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The last time I wrote about the film “Fireproof” I had admittedly not seen it yet.
But now that it has become the indie hit of 2008 and has been released on DVD, I have taken the time to watch it. Unfortunately, the viewing experience did nothing to change my opinion about the fundamental flaws of this movie specifically or even of this genre of movie in general.


Here’s my litmus test for how I detected “Fireproof’ was going to be sappy, cliche, and preachy. Did the story give away everything in the first ten minutes and then continue to beat me over the head with the same message for the next 90 minutes? “Fireproof” certainly did that. If I had no idea what the plot was before I watched the movie, I would have figured it out less than five minutes into the movie, when Captain Caleb Holt (Kirk Cameron) says to a co-worker after putting out a fire, “Never leave your partner.” This scene is of course immediately followed by a scene where his wife ,who works at a hospital , bumps into a new doctor and makes goo-goo eyes at him while nurses stand by and whisper. This movie is about a marriage on the rocks and how God redeems it. Check…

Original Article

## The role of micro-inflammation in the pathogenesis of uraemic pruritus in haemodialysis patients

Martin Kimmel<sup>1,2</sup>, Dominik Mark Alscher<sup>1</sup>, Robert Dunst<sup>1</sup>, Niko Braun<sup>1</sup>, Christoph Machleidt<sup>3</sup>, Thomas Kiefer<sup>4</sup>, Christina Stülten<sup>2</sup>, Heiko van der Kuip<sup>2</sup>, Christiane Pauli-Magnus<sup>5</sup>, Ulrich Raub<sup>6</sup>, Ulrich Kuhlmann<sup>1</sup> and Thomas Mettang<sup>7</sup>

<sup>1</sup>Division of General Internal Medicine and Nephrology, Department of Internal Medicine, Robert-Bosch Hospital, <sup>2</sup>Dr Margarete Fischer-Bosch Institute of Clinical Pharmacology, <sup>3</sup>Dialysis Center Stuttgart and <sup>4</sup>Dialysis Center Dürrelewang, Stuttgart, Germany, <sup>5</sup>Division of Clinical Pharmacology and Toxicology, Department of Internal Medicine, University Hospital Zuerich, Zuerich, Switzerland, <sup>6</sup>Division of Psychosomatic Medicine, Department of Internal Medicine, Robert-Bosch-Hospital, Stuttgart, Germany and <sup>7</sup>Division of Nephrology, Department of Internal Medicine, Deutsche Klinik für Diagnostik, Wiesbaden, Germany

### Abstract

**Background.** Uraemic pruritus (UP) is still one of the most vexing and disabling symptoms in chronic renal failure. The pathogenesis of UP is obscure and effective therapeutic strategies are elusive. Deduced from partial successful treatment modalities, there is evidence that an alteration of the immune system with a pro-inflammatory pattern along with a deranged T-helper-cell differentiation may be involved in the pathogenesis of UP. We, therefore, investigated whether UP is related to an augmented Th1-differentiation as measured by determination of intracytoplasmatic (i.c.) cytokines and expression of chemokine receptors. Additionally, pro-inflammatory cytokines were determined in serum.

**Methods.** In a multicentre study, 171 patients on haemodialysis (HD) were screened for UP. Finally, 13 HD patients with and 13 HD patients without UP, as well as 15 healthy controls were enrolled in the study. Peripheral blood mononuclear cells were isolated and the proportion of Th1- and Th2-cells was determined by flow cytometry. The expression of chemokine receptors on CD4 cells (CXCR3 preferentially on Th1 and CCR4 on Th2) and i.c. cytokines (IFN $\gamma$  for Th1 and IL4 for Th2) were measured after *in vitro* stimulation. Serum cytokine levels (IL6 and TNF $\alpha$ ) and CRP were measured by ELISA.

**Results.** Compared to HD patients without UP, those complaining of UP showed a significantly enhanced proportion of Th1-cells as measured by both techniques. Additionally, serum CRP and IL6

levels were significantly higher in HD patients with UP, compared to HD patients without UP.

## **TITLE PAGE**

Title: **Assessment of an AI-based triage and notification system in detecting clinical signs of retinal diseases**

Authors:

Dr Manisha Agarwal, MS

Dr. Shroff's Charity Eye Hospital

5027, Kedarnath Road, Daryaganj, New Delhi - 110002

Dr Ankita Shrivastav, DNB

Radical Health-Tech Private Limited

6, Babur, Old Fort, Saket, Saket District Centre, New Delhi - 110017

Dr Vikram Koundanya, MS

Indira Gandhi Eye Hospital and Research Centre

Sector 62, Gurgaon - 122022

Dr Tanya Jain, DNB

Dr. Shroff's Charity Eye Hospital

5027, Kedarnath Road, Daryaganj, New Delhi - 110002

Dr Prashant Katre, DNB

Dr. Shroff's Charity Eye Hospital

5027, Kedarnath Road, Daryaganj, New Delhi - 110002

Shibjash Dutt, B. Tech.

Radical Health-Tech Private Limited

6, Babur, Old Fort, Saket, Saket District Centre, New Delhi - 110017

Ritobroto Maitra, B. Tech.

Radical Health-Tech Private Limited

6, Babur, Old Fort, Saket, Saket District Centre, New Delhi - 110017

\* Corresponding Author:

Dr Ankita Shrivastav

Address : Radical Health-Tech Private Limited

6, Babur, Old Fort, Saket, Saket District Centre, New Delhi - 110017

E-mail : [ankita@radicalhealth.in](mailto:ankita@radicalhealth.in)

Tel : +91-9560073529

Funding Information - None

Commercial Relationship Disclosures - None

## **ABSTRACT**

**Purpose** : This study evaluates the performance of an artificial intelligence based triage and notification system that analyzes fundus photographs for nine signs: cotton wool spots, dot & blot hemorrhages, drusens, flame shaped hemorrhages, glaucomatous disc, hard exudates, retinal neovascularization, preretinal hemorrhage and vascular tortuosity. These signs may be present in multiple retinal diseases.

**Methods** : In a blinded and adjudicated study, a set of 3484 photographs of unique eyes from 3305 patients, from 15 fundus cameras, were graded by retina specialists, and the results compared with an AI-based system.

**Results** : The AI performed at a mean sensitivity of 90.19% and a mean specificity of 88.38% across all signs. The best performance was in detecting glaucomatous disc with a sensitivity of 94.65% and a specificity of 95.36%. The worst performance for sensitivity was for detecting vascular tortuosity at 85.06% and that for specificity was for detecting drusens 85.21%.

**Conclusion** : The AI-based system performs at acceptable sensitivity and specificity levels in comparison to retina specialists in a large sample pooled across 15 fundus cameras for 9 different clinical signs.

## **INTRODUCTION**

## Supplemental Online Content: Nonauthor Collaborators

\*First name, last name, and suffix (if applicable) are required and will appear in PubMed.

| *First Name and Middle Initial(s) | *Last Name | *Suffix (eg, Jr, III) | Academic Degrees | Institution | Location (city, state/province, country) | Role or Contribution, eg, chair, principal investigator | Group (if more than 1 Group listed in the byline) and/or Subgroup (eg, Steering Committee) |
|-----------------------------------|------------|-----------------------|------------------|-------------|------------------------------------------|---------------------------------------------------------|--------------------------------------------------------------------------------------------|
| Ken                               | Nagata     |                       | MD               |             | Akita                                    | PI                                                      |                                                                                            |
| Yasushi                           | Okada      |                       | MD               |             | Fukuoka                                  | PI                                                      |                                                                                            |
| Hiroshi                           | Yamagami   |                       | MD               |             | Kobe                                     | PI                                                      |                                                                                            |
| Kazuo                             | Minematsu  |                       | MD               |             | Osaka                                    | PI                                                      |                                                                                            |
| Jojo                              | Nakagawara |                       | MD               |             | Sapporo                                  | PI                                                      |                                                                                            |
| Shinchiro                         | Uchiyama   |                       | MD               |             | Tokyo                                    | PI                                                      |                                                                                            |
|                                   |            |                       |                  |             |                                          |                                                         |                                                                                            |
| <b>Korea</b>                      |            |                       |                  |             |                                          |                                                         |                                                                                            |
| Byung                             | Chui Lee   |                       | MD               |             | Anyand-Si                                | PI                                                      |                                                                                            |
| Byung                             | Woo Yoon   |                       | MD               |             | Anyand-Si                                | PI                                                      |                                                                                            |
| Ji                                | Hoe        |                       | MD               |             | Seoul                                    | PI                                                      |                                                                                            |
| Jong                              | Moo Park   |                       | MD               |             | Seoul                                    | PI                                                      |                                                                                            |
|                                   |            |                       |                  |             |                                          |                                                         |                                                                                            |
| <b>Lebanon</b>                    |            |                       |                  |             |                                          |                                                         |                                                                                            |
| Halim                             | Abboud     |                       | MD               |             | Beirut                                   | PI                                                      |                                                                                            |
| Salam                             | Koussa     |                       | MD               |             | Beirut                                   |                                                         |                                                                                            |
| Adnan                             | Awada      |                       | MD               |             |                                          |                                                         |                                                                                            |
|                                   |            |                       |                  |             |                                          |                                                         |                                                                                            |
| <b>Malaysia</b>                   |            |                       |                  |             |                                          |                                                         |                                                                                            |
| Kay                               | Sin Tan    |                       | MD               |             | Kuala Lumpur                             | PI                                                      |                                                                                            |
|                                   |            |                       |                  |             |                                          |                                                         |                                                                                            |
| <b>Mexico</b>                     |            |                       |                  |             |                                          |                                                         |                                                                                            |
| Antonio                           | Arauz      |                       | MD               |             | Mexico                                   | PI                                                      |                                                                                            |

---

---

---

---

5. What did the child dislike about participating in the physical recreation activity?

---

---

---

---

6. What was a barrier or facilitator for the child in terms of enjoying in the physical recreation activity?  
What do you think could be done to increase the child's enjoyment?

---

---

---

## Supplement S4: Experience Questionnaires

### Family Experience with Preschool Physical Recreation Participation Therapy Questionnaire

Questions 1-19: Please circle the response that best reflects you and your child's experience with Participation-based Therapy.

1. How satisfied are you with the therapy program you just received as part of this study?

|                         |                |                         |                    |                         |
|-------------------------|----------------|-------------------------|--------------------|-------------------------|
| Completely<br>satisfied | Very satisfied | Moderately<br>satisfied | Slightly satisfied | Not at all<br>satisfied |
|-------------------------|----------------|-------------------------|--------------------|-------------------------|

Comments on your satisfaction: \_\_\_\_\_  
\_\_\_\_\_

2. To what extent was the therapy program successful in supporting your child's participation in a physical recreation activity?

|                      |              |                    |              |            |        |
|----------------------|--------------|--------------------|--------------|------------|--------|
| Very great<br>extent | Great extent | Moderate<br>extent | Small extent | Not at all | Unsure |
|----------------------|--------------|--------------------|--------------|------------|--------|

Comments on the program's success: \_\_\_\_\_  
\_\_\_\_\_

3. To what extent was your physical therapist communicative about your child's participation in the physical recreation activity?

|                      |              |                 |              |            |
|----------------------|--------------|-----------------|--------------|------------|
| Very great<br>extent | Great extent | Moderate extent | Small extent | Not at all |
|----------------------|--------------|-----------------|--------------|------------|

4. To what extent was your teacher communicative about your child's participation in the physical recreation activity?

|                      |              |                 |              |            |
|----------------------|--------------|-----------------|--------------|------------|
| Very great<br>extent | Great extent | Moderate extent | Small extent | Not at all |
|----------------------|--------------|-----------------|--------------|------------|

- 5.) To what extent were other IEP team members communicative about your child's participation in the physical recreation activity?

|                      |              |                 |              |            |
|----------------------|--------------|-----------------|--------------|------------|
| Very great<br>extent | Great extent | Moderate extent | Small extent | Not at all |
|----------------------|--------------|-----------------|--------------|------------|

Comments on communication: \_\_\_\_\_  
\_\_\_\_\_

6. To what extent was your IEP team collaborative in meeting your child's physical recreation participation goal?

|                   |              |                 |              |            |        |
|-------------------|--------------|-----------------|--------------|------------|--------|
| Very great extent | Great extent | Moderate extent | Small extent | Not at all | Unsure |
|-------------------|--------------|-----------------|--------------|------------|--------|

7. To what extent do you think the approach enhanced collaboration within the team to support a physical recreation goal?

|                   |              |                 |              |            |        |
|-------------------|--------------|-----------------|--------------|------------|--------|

But then I have to sit through various scenes that include comparing marriage to a treadmill, comparing women to roses, and comparing marriage to… I can’t remember exactly anymore, but a whole lot of other banal inanimate objects, Yet Caleb goes on a “Love Dare” and like it only happens in movies, in a matter of weeks his marriage is completely restored and wonderful once again.
Don’t misunderstand me. I don’t doubt the good intentions of the producer and director, Stephen and Alex Kendrick, and I don’t doubt the sincerity of their lead actor, Kirk Cameron. I also realize that the Kendrick brothers feel that their work is a ministry and they are reaching out first and foremost to a Christian audience- obviously with success. But whether targeting Christians or the spiritually skeptical, the theology in this movie is lightweight, the storytelling is mediocre at best , and I fail to see how that should be so acceptable to so many in the greater evangelical community.
It takes more than faith to make transcendental art. It takes artistic excellence, and it takes deep examination of the human condition. It’s something Christian artists centuries ago understood, but postmodern Christianity still struggles to grasp.

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